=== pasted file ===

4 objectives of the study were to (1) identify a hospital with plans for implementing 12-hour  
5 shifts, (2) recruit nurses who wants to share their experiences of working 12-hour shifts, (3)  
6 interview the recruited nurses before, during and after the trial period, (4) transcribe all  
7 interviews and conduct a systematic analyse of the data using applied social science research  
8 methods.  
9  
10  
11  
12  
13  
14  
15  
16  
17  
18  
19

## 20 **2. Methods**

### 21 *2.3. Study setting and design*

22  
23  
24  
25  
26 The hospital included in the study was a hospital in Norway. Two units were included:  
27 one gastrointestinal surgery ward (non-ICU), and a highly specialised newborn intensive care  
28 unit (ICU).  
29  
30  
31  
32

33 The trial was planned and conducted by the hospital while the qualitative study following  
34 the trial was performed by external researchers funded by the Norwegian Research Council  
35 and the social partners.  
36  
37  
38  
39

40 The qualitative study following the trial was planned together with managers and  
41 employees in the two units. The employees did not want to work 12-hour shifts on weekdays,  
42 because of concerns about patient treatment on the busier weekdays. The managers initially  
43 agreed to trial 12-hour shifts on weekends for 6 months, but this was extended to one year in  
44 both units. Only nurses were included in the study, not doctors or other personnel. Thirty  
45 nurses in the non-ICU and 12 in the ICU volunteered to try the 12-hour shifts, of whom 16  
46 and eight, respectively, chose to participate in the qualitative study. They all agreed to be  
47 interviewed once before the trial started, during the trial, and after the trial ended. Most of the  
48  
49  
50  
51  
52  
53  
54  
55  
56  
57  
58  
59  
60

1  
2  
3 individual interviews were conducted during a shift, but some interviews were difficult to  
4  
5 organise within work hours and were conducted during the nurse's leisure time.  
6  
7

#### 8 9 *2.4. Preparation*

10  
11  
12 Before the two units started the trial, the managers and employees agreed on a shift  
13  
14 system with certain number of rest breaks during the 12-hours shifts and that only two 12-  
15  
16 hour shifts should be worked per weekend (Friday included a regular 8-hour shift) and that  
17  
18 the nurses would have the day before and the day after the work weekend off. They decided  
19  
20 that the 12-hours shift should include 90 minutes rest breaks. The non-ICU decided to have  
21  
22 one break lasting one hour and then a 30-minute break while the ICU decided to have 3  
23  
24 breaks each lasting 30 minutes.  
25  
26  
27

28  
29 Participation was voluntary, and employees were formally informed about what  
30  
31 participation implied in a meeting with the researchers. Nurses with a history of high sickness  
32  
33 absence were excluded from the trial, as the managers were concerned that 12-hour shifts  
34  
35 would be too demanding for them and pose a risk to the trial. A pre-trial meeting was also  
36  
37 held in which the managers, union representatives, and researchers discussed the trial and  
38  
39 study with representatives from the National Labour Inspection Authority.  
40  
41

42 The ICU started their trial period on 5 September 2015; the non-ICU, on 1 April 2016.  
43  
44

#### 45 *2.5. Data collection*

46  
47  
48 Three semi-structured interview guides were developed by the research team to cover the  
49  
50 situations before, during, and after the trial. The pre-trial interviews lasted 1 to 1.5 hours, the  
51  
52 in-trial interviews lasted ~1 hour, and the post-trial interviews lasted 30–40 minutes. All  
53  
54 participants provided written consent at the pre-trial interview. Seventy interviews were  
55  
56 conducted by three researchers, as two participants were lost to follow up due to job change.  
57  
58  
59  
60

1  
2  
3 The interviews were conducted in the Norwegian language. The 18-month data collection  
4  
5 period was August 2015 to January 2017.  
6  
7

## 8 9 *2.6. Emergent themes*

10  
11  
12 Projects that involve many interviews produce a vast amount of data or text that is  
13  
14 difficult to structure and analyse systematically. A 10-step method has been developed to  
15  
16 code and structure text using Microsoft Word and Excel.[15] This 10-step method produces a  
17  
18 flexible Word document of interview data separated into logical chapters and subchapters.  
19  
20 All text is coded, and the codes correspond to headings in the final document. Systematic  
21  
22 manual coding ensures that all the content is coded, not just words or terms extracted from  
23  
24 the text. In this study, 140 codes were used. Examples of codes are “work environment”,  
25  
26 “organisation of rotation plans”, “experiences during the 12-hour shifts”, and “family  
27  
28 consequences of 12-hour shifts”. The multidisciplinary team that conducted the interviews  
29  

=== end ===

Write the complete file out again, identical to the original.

4 objectives of the study were to (1) identify a hospital with plans for implementing 12-hour  
5 shifts, (2) recruit nurses who wants to share their experiences of working 12-hour shifts, (3)  
6 interview the recruited nurses before, during and after the trial period, (4) transcribe all  
7 interviews and conduct a systematic analyse of the data using applied social science research  
8 methods.  
9  
10  
11  
12  
13  
14  
15  
16  
17  
18  
19

## 20 **2. Methods**

### 21 *2.3. Study setting and design*

22  
23  
24  
25  
26 The hospital included in the study was a hospital in Norway. Two units were included:  
27 one gastrointestinal surgery ward (non-ICU), and a highly specialised newborn intensive care  
28 unit (ICU).  
29  
30  
31  
32

33 The trial was planned and conducted by the hospital while the qualitative study following  
34 the trial was performed by external researchers funded by the Norwegian Research Council  
35 and the social partners.  
36  
37  
38  
39

40 The qualitative study following the trial was planned together with managers and  
41 employees in the two units. The employees did not want to work 12-hour shifts on weekdays,  
42 because of concerns about patient treatment on the busier weekdays. The managers initially  
43 agreed to trial 12-hour shifts on weekends for 6 months, but this was extended to one year in  
44 both units. Only nurses were included in the study, not doctors or other personnel. Thirty  
45 nurses in the non-ICU and 12 in the ICU volunteered to try the 12-hour shifts, of whom 16  
46 and eight, respectively, chose to participate in the qualitative study. They all agreed to be  
47 interviewed once before the trial started, during the trial, and after the trial ended. Most of the  
48  
49  
50  
51  
52  
53  
54  
55  
56  
57  
58  
59  
60

1  
2  
3 individual interviews were conducted during a shift, but some interviews were difficult to  
4  
5 organise within work hours and were conducted during the nurse's leisure time.  
6  
7

#### 8 9 *2.4. Preparation*

10  
11  
12 Before the two units started the trial, the managers and employees agreed on a shift  
13  
14 system with certain number of rest breaks during the 12-hours shifts and that only two 12-  
15  
16 hour shifts should be worked per weekend (Friday included a regular 8-hour shift) and that  
17  
18 the nurses would have the day before and the day after the work weekend off. They decided  
19  
20 that the 12-hours shift should include 90 minutes rest breaks. The non-ICU decided to have  
21  
22 one break lasting one hour and then a 30-minute break while the ICU decided to have 3  
23  
24 breaks each lasting 30 minutes.  
25  
26  
27

28  
29 Participation was voluntary, and employees were formally informed about what  
30  
31 participation implied in a meeting with the researchers. Nurses with a history of high sickness  
32  
33 absence were excluded from the trial, as the managers were concerned that 12-hour shifts  
34  
35 would be too demanding for them and pose a risk to the trial. A pre-trial meeting was also  
36  
37 held in which the managers, union representatives, and researchers discussed the trial and  
38  
39 study with representatives from the National Labour Inspection Authority.  
40  
41

42 The ICU started their trial period on 5 September 2015; the non-ICU, on 1 April 2016.  
43  
44

#### 45 *2.5. Data collection*

46  
47  
48 Three semi-structured interview guides were developed by the research team to cover the  
49  
50 situations before, during, and after the trial. The pre-trial interviews lasted 1 to 1.5 hours, the  
51  
52 in-trial interviews lasted ~1 hour, and the post-trial interviews lasted 30–40 minutes. All  
53  
54 participants provided written consent at the pre-trial interview. Seventy interviews were  
55  
56 conducted by three researchers, as two participants were lost to follow up due to job change.  
57  
58  
59  
60

1  
2  
3 The interviews were conducted in the Norwegian language. The 18-month data collection  
4  
5 period was August 2015 to January 2017.  
6  
7

## 8 9 *2.6. Emergent themes*

10  
11  
12 Projects that involve many interviews produce a vast amount of data or text that is  
13  
14 difficult to structure and analyse systematically. A 10-step method has been developed to  
15  
16 code and structure text using Microsoft Word and Excel.[15] This 10-step method produces a  
17  
18 flexible Word document of interview data separated into logical chapters and subchapters.  
19  
20 All text is coded, and the codes correspond to headings in the final document. Systematic  
21  
22 manual coding ensures that all the content is coded, not just words or terms extracted from  
23  
24 the text. In this study, 140 codes were used. Examples of codes are “work environment”,  
25  
26 “organisation of rotation plans”, “experiences during the 12-hour shifts”, and “family  
27  
28 consequences of 12-hour shifts”. The multidisciplinary team that conducted the interviews  
29  